Osama bin Laden gave Simon Reeve his big break. In 1998, while working as an investigative reporter, Reeve published The New Jackals, a book about ‘the future of terrorism’. It went largely unnoticed until 2001, when Reeve suddenly found himself in demand as the world’s foremost Al-Qaeda expert.
The BBC contacted him about working on a documentary. It wanted Reeve to infiltrate the terrorist network; instead he wrote and presented Meet the Stans, in which he travelled from Kazakhstan to Afghanistan. Over 20 series exploring lesser-trod parts of the globe followed, making unflappable Reeve, as fearlessly adventurous as he is engaging, one of the BBC’s most prolific presenters. But his career did not take a traditional path.
“I didn’t go to university; I left school and went on the dole,” he says. “I was in quite a bad way in my late teens and I was very close to ending it all. It took a lot to pull me out of that and to rebuild my life.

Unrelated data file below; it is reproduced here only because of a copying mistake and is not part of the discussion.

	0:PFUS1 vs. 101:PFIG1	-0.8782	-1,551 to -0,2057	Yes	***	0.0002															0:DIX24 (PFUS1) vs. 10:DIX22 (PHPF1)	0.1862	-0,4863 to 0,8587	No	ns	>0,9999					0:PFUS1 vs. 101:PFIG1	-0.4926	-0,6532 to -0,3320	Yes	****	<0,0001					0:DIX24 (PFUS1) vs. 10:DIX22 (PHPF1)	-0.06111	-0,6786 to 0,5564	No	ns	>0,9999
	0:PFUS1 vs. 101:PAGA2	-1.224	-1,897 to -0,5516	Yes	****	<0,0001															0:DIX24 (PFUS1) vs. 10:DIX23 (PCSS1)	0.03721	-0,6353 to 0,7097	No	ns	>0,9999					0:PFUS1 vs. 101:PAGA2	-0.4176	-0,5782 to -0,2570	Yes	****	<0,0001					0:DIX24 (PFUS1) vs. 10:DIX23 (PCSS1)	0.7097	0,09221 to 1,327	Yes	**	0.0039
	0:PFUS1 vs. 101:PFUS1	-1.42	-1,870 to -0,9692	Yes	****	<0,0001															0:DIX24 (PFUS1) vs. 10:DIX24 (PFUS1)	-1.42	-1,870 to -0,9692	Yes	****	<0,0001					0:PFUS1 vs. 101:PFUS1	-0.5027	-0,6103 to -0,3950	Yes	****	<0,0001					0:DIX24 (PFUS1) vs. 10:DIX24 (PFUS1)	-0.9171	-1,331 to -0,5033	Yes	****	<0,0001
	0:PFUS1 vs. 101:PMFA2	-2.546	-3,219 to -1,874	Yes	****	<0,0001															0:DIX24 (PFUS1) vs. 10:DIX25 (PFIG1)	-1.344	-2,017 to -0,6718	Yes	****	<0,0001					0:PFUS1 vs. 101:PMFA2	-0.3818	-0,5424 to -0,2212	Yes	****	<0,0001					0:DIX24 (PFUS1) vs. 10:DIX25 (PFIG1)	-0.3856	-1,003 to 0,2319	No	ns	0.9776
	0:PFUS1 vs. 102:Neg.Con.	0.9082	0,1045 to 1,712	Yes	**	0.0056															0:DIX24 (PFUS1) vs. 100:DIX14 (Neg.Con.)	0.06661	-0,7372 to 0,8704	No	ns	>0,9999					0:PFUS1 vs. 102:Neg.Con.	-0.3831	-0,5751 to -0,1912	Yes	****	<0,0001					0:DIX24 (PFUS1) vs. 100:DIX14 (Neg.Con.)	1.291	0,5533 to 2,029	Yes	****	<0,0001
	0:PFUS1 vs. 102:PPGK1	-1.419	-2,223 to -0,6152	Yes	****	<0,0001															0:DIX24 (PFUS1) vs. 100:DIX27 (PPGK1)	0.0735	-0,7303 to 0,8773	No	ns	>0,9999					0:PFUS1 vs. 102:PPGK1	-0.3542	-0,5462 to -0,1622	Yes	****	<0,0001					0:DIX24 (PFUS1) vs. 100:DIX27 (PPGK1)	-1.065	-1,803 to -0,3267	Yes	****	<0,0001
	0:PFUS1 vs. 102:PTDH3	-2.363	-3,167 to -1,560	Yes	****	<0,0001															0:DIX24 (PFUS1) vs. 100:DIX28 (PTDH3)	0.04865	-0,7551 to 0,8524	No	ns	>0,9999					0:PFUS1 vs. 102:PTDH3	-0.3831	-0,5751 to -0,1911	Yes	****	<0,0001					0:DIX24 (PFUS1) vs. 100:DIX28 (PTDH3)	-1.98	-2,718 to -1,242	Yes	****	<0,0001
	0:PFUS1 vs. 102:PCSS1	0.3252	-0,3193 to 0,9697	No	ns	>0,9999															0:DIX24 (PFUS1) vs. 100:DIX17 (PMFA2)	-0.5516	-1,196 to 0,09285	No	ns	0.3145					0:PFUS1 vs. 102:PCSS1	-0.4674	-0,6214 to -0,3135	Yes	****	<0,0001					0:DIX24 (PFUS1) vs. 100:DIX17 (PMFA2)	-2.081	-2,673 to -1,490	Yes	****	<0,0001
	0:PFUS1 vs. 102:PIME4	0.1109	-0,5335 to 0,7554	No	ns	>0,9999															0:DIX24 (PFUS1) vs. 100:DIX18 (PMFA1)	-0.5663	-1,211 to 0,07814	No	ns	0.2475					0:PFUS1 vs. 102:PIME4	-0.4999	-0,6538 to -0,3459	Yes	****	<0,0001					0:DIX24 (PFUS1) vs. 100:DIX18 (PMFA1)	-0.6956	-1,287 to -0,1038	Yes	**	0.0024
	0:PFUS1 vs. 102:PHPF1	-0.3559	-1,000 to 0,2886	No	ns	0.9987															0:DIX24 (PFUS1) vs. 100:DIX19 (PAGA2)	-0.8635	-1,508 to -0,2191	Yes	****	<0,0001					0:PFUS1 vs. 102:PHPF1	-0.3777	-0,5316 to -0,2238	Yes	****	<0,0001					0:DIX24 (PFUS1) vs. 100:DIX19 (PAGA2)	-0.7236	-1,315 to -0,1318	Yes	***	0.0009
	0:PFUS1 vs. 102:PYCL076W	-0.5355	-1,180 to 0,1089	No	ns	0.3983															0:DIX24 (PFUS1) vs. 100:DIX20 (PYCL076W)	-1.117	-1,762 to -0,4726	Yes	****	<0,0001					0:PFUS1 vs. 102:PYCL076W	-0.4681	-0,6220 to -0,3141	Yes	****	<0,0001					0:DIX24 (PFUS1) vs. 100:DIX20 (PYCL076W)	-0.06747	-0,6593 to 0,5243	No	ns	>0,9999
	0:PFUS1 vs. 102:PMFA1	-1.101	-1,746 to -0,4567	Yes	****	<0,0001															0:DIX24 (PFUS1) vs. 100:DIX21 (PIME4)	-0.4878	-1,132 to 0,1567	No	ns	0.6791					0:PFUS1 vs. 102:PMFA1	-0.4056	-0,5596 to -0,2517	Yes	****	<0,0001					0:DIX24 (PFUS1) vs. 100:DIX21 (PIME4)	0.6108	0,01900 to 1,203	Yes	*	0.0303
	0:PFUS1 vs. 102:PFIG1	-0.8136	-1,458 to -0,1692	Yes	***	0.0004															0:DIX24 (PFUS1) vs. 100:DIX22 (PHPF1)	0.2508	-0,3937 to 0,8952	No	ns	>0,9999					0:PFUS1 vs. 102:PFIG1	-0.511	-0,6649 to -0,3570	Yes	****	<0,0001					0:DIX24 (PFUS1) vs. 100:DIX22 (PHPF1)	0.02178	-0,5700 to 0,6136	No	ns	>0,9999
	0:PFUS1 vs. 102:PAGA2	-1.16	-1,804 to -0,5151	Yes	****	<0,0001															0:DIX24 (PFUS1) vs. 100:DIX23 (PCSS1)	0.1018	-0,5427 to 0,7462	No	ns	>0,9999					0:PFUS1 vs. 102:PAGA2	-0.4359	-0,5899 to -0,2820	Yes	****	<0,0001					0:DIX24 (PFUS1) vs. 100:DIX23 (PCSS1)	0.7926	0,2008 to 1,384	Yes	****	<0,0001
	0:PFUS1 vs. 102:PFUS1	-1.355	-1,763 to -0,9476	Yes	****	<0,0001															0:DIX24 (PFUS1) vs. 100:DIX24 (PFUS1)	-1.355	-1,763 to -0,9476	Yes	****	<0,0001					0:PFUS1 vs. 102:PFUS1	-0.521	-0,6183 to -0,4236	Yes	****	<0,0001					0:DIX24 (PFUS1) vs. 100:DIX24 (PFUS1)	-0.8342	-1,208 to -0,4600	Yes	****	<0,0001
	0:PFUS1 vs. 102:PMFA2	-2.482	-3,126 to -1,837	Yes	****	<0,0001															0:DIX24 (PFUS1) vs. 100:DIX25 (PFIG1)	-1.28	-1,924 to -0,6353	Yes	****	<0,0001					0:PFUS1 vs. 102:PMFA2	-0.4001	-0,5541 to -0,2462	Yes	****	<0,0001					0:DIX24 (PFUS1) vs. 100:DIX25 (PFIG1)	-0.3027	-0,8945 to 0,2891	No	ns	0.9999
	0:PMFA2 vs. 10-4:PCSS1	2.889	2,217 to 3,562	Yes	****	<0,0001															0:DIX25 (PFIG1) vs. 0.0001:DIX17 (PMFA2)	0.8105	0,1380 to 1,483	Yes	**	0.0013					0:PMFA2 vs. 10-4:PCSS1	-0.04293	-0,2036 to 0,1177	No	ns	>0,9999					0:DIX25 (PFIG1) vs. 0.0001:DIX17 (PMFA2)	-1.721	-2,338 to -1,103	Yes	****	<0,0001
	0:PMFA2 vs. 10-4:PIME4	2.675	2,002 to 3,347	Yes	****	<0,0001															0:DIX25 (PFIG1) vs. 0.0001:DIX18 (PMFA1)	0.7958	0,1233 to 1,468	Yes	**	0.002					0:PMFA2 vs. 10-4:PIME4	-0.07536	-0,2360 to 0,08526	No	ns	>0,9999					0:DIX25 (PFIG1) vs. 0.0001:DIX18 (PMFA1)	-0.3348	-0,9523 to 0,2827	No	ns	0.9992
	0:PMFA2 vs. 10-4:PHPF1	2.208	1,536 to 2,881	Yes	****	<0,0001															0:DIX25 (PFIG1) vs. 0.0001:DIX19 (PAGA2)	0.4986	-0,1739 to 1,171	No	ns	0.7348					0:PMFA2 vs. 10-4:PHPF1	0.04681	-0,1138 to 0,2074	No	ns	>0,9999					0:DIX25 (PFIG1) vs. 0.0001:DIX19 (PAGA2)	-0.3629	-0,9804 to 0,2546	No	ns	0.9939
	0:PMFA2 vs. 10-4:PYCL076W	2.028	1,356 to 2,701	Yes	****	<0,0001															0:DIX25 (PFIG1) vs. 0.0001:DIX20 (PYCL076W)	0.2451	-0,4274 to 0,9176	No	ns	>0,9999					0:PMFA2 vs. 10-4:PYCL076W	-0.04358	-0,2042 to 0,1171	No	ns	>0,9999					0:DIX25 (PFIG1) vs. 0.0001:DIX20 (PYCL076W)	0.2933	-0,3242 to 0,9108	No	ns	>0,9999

“People say things like, ‘Visualise where you want to be in five years’ time’ – screw you! I could barely visualise where I wanted to be by the evening. Taking things day by day, setting small challenges – could I get myself out of bed, could I get myself to the newsagents – simple things like that gradually pulled me out of a dark place and set me on the road to work. It started to give me purpose and meaning in life, which I think is what many of us really need and crave, and is often absent from people’s working life now.”
Reeve’s father had encouraged him to apply for a post boy position at The Sunday Times, and the 19-year-old stood out in a newsroom of Oxbridge graduates. Then-editor Andrew Neil took a chance on him, and reporting on the 1993 World Trade Center bombing started a weird, completely unpredictable journey, leading to the high-flying life he lives today.
Having travelled to more than 120 countries, Reeve has hunted with the Bushmen of the Kalahari, been hunted by the KGB, and detained on suspicion of spying in the secretive Soviet enclave of Transnistria.